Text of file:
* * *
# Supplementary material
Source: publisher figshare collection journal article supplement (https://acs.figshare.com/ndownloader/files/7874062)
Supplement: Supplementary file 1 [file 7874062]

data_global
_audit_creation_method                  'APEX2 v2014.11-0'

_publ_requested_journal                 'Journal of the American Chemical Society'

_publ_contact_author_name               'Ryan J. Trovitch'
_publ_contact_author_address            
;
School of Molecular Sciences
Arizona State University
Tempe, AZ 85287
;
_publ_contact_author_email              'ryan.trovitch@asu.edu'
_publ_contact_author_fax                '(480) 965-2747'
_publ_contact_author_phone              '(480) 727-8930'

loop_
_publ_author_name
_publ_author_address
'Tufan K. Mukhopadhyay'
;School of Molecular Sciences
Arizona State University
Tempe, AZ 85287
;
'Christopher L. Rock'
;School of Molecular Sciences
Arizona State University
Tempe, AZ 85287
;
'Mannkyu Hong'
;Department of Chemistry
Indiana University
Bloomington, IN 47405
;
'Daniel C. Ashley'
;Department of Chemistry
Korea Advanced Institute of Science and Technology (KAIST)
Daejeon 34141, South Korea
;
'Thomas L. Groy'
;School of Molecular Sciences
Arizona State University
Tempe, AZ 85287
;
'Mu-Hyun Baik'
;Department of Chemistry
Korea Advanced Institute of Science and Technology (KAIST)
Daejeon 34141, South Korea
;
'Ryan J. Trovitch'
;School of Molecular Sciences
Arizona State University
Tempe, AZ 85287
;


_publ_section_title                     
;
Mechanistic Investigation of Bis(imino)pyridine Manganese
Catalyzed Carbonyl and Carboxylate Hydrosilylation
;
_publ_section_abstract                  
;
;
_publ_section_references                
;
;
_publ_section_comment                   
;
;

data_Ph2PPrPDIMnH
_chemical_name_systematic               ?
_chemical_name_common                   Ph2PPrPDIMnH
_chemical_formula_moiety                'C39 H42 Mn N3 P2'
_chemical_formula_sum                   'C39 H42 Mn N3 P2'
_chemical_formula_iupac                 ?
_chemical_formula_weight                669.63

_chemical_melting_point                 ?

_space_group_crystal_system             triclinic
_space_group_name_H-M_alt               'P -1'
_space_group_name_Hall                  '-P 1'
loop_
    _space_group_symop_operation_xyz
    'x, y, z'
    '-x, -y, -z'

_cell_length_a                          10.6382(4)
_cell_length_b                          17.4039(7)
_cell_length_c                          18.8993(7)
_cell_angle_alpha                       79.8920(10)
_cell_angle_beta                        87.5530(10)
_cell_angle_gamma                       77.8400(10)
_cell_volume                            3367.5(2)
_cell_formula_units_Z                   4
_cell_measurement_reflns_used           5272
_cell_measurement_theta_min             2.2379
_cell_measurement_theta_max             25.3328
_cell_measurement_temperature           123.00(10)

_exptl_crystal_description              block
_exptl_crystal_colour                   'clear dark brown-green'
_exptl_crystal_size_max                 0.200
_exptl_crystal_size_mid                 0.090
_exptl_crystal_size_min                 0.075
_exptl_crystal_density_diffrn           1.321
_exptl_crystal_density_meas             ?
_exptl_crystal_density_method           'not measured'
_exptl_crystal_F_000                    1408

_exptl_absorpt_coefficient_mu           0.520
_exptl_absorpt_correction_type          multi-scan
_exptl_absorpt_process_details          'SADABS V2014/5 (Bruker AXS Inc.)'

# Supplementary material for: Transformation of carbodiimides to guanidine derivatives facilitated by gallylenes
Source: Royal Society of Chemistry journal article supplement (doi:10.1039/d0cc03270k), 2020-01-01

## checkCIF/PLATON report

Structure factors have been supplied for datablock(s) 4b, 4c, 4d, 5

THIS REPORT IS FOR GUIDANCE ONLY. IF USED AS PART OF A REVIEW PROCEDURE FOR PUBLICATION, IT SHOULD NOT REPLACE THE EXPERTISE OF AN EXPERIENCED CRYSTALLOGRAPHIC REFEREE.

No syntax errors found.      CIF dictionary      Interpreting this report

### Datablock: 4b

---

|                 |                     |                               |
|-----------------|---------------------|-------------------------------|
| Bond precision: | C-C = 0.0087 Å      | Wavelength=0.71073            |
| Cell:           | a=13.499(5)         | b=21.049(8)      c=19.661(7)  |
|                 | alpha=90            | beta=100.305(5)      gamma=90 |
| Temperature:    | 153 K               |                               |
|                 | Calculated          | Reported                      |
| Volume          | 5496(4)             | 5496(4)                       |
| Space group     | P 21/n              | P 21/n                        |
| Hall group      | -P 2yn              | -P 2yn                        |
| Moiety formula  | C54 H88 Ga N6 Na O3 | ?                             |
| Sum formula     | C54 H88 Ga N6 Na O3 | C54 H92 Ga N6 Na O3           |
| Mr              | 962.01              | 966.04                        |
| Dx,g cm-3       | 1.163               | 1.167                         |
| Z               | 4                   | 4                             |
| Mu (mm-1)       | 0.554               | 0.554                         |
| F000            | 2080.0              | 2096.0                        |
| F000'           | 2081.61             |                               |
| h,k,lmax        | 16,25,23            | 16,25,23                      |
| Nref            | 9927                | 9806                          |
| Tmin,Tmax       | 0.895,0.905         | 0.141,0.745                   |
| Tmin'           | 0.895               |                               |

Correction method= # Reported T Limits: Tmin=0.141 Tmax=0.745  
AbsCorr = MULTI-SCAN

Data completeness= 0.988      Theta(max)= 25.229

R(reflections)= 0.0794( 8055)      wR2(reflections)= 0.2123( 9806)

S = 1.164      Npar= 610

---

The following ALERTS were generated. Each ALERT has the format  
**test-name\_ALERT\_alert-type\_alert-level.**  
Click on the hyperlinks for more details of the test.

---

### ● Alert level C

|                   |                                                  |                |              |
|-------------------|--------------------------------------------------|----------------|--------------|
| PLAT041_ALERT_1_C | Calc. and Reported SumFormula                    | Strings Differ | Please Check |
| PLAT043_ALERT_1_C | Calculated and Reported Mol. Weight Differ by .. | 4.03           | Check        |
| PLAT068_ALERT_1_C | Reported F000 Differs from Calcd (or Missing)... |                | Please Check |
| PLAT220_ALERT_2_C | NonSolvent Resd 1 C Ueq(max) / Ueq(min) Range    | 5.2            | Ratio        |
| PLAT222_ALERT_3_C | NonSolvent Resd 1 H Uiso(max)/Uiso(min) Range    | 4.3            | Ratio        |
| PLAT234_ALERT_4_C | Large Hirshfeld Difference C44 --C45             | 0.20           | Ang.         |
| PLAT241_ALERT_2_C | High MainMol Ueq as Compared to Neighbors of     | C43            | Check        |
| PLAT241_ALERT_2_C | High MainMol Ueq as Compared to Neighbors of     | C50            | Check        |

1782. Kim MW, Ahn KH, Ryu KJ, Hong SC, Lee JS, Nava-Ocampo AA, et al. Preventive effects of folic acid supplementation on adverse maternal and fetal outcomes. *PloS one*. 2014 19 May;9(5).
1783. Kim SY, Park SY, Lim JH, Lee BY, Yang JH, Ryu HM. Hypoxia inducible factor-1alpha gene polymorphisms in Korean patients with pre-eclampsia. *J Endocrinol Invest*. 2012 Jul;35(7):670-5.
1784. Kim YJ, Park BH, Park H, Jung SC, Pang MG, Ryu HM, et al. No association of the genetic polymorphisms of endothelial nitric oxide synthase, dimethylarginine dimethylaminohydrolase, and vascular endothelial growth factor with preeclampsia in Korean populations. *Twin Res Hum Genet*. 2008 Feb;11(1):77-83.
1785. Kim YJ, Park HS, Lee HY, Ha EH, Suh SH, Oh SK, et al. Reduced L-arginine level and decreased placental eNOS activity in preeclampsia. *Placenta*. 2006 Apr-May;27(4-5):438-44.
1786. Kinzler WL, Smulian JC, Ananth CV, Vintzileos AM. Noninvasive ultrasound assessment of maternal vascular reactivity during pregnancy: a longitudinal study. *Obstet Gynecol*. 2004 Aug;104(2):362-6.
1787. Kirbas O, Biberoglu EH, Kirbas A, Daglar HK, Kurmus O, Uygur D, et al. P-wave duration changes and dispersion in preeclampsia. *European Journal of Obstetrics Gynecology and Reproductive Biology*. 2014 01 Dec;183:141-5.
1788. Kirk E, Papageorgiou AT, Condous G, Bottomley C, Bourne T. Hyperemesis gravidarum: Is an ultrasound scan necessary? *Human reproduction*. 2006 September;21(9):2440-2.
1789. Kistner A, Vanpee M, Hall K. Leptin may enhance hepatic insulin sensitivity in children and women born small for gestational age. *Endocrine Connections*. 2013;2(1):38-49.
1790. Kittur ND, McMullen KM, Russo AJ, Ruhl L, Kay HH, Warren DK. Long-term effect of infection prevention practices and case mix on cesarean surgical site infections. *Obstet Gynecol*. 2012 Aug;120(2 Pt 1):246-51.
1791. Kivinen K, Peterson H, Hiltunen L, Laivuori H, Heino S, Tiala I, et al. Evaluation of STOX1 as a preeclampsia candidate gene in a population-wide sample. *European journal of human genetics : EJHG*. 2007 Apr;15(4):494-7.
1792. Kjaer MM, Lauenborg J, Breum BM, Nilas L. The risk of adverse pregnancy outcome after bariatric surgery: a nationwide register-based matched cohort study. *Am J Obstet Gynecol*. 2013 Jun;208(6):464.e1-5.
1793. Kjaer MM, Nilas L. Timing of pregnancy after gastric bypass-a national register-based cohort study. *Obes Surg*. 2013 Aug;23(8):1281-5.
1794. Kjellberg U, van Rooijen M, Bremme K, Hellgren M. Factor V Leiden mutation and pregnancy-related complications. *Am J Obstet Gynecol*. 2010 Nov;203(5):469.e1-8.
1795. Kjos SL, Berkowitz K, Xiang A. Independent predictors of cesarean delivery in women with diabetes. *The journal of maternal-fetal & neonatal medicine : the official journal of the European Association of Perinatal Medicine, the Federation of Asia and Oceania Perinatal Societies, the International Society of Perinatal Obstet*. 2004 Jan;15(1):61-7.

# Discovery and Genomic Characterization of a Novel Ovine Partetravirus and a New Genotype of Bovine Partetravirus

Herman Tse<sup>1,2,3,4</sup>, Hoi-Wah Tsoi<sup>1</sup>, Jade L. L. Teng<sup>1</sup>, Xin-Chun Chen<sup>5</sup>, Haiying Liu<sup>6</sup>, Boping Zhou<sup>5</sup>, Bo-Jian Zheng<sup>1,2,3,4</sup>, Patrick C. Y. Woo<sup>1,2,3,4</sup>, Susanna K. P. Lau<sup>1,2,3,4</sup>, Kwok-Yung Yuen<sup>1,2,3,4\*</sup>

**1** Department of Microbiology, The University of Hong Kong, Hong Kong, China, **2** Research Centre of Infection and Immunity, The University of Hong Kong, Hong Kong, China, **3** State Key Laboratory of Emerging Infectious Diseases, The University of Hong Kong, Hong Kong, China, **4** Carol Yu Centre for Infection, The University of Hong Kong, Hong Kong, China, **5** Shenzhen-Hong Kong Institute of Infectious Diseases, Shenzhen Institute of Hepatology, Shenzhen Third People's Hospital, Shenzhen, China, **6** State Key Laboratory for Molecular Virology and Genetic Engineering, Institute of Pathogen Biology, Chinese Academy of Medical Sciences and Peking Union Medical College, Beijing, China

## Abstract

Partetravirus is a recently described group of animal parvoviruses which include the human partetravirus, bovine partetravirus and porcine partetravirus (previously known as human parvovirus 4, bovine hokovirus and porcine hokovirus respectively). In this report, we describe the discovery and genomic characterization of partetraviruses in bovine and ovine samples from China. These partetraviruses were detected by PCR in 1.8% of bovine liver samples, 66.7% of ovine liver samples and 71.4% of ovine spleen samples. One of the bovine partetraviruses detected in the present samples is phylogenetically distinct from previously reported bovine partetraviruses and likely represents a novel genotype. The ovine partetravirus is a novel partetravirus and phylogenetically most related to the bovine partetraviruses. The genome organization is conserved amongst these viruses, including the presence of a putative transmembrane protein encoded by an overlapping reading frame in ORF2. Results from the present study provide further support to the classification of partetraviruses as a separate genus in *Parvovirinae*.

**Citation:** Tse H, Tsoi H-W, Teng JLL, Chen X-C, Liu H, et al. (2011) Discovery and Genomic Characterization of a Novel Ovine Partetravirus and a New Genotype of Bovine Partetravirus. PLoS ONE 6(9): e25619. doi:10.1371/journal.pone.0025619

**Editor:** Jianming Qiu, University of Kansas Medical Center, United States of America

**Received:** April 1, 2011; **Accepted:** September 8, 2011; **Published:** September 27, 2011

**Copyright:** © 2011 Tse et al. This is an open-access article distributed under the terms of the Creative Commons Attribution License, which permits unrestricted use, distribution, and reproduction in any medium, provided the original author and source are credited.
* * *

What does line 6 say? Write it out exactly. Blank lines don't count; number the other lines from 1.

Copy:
_publ_requested_journal                 'Journal of the American Chemical Society'